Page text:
Cover: To Shape a New World: Essays on the Political Philosophy of Martin Luther King, Jr., from Harvard University PressCover: To Shape a New World in PAPERBACK

To Shape a New World

Essays on the Political Philosophy of Martin Luther King, Jr.

On Sunday, July 12, at 5:00 p.m. EDT, join Brandon Terry (moderating) and fellow scholars Elizabeth Hinton, Robin D. G. Kelley, Keeanga-Yamahtta Taylor, and Cornel West at the live online event “Where Do We Go From Here: A Fundraiser for Black Lives,” hosted by Harvard Book Store of Cambridge, Massachusetts, in collaboration with Boston Review. Registration is required.

On WBUR’s Radio Boston, listen to coeditor Brandon Terry discuss what the “righteousness” Dr. King taught and practiced means to today’s battles against injustice:

“Fascinating and instructive…King’s philosophy, speaking to us through the written word, may turn out to constitute his most enduring legacy.”
—Annette Gordon-Reed, New York Review of Books

Martin Luther King, Jr., may be America’s most revered political figure, commemorated in statues, celebrations, and street names around the world. On the fiftieth anniversary of King’s assassination, the man and his activism are as close to public consciousness as ever. But despite his stature, the significance of King’s writings and political thought remains underappreciated.

In To Shape a New World, Tommie Shelby and Brandon Terry write that the marginalization of King’s ideas reflects a romantic, consensus history that renders the civil rights movement inherently conservative—an effort not at radical reform but at “living up to” enduring ideals laid down by the nation’s founders. On this view, King marshaled lofty rhetoric to help redeem the ideas of universal (white) heroes, but produced little original thought. This failure to engage deeply and honestly with King’s writings allows him to be conscripted into political projects he would not endorse, including the pernicious form of “color blindness” that insists, amid glaring race-based injustice, that racism has been overcome.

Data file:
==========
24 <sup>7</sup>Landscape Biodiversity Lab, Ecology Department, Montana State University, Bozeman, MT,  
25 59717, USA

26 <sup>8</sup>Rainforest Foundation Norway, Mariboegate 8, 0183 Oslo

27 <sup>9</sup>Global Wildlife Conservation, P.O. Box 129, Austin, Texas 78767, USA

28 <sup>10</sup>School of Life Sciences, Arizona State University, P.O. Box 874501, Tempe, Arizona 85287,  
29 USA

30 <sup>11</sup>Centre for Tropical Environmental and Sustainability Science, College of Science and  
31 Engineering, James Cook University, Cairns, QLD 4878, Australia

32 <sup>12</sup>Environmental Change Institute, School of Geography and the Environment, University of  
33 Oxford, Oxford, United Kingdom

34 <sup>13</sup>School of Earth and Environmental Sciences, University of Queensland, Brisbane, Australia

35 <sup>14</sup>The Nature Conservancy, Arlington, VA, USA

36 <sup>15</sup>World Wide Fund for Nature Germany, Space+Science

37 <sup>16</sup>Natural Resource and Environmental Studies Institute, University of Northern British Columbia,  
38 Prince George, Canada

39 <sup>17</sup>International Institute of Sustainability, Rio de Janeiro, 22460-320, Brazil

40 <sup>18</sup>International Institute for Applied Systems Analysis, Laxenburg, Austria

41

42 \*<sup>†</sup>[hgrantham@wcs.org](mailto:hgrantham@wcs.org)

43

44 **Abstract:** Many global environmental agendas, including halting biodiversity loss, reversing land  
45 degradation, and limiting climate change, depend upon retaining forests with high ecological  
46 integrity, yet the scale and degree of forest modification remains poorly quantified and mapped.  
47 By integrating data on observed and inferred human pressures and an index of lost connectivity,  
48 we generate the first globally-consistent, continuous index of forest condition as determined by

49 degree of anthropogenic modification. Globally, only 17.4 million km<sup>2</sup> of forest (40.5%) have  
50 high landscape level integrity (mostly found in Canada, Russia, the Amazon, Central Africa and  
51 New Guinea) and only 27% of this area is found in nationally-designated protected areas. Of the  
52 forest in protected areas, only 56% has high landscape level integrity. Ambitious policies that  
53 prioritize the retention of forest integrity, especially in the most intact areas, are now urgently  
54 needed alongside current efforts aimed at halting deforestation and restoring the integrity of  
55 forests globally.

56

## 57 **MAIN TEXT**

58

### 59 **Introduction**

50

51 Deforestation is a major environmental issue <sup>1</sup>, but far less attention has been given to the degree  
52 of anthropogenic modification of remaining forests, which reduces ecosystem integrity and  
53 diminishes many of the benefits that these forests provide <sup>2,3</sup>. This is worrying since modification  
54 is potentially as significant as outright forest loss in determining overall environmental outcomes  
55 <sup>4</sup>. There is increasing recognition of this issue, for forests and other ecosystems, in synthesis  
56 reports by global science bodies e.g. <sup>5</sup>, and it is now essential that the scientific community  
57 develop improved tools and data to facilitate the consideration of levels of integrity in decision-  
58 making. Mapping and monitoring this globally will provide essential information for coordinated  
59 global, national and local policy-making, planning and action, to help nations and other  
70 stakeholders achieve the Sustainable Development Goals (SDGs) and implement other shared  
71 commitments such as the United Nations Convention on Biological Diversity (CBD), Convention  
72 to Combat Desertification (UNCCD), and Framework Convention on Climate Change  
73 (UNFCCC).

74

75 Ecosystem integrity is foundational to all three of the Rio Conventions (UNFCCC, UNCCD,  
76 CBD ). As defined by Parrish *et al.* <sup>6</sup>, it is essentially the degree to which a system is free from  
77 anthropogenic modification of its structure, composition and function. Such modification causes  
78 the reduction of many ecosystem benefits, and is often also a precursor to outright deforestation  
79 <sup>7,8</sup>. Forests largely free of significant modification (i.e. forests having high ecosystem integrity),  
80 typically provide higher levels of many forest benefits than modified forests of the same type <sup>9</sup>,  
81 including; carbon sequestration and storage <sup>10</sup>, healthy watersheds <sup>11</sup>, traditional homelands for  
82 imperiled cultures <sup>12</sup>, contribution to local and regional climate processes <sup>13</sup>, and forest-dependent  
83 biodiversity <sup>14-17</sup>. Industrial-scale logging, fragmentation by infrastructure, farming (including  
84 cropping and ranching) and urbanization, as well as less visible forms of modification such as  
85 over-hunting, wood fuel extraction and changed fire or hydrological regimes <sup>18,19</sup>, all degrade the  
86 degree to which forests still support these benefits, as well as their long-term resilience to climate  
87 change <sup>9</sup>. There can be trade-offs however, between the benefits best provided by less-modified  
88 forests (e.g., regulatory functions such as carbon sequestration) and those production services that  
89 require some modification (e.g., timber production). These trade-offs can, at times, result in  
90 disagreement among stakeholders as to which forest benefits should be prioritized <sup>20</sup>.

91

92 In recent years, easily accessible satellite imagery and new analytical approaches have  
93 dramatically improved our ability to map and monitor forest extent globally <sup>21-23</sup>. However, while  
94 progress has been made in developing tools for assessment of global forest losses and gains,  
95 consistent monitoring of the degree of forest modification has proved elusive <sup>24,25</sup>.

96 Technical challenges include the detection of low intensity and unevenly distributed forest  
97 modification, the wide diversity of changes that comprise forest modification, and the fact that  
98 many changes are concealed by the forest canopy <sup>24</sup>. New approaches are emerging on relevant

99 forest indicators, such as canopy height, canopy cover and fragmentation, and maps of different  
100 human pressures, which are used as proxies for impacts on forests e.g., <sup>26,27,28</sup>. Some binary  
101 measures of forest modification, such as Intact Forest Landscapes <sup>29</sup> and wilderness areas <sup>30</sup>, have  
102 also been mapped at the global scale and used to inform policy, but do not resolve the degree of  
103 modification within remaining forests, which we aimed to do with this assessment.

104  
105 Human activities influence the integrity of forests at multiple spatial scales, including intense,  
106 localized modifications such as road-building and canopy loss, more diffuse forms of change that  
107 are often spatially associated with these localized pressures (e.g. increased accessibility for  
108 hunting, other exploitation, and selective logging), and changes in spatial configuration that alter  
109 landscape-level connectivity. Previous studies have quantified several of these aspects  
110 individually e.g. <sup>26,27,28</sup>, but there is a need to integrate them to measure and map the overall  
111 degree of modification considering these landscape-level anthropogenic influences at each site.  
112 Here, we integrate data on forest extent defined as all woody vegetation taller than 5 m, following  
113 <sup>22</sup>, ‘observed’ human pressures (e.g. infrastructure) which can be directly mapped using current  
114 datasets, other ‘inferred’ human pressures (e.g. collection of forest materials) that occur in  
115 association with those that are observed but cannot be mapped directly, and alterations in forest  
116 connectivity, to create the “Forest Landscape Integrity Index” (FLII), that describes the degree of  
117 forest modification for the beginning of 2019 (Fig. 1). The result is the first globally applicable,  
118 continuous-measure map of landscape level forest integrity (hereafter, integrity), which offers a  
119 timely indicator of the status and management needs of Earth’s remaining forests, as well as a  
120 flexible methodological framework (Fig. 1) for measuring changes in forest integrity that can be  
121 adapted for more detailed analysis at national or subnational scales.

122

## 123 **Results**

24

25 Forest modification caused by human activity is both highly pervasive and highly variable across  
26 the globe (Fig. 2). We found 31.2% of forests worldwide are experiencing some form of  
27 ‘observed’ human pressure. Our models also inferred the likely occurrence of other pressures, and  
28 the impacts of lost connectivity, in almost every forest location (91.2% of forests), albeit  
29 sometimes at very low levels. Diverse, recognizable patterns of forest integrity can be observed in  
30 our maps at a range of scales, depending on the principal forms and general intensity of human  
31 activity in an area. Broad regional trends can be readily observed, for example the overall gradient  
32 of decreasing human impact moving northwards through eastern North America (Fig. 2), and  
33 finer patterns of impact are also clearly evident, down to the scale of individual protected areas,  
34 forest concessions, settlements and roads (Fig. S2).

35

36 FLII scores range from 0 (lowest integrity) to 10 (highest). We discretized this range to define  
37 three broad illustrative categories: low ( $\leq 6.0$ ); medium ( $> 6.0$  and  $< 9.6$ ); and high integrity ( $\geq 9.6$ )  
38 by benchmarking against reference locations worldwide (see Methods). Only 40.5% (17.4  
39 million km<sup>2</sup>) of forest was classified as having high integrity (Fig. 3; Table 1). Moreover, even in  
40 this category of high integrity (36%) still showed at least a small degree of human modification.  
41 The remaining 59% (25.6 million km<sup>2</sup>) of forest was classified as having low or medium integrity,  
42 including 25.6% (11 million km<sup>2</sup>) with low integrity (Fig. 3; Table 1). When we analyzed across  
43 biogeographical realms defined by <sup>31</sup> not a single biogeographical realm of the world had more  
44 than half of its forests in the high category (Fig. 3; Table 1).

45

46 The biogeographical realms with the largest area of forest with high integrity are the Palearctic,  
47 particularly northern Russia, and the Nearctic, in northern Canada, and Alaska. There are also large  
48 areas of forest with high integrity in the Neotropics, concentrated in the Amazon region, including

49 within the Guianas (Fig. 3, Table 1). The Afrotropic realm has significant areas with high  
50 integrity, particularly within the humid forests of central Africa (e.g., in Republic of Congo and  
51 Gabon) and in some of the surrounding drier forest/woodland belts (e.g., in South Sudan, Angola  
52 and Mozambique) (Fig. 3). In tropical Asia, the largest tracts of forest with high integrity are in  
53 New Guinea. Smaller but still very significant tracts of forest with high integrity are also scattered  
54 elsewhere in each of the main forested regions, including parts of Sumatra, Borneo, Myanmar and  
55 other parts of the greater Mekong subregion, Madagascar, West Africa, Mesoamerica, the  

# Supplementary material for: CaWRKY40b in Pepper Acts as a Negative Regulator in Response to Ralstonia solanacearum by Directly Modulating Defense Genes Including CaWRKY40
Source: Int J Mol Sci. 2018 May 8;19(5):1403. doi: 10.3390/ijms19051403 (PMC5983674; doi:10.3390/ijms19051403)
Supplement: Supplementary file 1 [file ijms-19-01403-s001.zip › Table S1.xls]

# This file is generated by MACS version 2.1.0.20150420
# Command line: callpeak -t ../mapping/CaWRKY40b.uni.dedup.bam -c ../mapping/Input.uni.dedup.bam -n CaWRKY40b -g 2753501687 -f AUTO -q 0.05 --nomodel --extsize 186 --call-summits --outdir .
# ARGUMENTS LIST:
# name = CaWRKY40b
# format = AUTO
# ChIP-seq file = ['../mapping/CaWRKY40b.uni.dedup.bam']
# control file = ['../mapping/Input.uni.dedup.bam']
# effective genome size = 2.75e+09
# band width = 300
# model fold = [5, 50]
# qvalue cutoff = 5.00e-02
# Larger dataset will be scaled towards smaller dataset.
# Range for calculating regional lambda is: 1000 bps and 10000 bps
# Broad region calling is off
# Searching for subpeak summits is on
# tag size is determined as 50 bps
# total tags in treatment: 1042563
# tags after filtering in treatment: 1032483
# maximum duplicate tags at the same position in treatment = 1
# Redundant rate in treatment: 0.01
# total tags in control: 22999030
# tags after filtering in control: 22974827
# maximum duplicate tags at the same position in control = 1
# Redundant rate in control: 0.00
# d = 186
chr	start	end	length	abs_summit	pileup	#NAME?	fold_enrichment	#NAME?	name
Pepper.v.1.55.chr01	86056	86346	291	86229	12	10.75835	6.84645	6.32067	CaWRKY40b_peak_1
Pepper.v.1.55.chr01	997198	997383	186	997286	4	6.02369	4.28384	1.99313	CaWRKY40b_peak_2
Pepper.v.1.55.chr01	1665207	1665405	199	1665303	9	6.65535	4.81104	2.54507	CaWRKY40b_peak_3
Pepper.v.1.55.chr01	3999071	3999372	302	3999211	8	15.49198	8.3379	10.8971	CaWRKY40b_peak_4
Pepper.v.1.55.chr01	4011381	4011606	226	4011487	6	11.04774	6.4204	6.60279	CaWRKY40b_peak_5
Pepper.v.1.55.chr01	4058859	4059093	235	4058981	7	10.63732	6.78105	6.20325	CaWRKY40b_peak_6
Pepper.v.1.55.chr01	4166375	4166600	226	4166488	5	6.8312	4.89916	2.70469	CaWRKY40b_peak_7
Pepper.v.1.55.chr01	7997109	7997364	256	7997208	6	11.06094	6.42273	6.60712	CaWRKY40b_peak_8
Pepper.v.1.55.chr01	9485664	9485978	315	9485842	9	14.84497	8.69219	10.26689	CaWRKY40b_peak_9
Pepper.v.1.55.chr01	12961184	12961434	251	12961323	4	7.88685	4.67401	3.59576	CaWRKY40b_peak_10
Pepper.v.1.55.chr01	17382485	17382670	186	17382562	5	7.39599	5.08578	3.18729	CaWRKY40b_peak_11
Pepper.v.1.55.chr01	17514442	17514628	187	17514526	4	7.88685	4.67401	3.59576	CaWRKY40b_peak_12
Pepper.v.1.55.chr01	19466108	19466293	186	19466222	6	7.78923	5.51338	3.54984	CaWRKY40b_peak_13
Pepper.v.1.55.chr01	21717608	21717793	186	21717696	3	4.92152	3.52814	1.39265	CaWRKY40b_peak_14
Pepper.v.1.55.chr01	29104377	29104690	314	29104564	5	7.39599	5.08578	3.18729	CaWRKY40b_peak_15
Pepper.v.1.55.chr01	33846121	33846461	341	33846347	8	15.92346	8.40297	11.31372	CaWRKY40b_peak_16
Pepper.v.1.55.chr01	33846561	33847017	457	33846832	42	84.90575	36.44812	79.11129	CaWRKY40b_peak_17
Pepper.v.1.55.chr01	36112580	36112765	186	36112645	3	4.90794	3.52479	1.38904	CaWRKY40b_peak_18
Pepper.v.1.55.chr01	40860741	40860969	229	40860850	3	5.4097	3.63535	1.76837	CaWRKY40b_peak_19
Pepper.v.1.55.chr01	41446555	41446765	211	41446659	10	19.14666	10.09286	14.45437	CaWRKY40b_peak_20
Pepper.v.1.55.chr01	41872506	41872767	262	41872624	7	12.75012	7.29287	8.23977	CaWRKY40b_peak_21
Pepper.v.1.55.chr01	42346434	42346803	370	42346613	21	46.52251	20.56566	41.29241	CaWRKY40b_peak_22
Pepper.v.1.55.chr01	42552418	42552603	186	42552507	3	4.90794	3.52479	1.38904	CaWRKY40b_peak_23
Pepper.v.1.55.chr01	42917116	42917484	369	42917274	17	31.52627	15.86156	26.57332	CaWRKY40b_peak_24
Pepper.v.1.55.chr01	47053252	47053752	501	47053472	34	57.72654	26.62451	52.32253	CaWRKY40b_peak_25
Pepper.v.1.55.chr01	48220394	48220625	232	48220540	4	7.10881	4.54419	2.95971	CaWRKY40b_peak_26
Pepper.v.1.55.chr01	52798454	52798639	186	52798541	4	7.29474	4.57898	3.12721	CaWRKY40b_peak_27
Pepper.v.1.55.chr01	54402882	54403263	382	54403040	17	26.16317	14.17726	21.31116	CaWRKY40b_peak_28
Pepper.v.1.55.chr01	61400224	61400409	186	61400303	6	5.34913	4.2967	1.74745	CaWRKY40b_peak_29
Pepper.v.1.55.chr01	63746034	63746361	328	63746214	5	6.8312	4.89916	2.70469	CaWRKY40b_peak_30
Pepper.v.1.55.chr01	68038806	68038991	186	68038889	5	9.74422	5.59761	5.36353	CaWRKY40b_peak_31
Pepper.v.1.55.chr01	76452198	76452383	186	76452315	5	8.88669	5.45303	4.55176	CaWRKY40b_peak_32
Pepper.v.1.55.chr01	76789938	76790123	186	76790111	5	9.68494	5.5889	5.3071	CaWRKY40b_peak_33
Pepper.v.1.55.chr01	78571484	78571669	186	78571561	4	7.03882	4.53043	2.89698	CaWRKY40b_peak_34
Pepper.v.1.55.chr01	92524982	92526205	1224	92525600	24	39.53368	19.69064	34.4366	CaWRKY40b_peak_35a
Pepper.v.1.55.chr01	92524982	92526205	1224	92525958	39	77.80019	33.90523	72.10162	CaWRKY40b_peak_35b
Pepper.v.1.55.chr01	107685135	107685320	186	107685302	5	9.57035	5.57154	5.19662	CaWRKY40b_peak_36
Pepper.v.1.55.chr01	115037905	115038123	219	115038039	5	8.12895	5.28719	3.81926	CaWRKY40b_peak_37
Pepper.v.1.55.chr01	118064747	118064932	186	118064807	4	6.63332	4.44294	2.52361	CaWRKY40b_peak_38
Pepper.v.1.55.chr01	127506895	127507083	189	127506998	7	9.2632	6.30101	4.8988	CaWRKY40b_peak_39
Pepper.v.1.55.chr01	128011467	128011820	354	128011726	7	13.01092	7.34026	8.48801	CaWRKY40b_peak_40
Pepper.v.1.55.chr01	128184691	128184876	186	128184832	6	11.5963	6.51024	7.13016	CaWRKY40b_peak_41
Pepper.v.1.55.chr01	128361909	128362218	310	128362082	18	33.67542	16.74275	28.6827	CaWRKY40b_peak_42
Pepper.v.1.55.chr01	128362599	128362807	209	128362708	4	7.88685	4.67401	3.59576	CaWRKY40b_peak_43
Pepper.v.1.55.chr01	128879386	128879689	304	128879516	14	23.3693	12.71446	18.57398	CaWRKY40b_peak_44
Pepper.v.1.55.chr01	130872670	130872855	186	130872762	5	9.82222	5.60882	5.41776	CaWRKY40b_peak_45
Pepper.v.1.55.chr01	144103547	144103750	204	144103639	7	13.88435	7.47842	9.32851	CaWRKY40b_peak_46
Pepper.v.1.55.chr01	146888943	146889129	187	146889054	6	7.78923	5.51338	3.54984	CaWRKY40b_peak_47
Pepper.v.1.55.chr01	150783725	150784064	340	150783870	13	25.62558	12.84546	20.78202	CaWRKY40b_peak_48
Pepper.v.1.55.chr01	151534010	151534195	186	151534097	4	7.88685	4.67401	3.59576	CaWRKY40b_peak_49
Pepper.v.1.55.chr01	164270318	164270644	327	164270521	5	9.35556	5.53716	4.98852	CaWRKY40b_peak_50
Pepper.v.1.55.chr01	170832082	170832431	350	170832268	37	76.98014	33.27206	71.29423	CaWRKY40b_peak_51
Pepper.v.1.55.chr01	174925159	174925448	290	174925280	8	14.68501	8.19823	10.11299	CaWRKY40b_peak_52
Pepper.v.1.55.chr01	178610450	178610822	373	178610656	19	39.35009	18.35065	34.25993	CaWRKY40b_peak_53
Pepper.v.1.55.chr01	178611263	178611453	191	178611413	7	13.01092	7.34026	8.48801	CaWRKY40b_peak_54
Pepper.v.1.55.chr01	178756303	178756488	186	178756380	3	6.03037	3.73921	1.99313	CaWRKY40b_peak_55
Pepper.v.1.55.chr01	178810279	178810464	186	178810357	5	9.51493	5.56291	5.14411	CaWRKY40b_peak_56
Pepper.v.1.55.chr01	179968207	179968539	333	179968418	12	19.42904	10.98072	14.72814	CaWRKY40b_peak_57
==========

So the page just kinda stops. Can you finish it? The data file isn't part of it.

Cornel West, Danielle Allen, Martha Nussbaum, Robert Gooding-Williams, and other authors join Shelby and Terry in careful, critical engagement with King’s understudied writings on labor and welfare rights, voting rights, racism, civil disobedience, nonviolence, economic inequality, poverty, love, just-war theory, virtue ethics, political theology, imperialism, nationalism, reparations, and social justice. In King’s exciting and learned work, the authors find an array of compelling challenges to some of the most pressing political dilemmas of our present, and rethink the legacy of this towering figure.

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Celebrating University Press Week

The week of November 9–15 is University Press Week. This year’s theme is Raise UP, which highlights the role that the university press community plays in elevating authors, subjects, and whole disciplines that bring new perspectives, ideas, and voices to readers around the globe. University Presses were asked to submit titles to a reading list in keeping with this year’s theme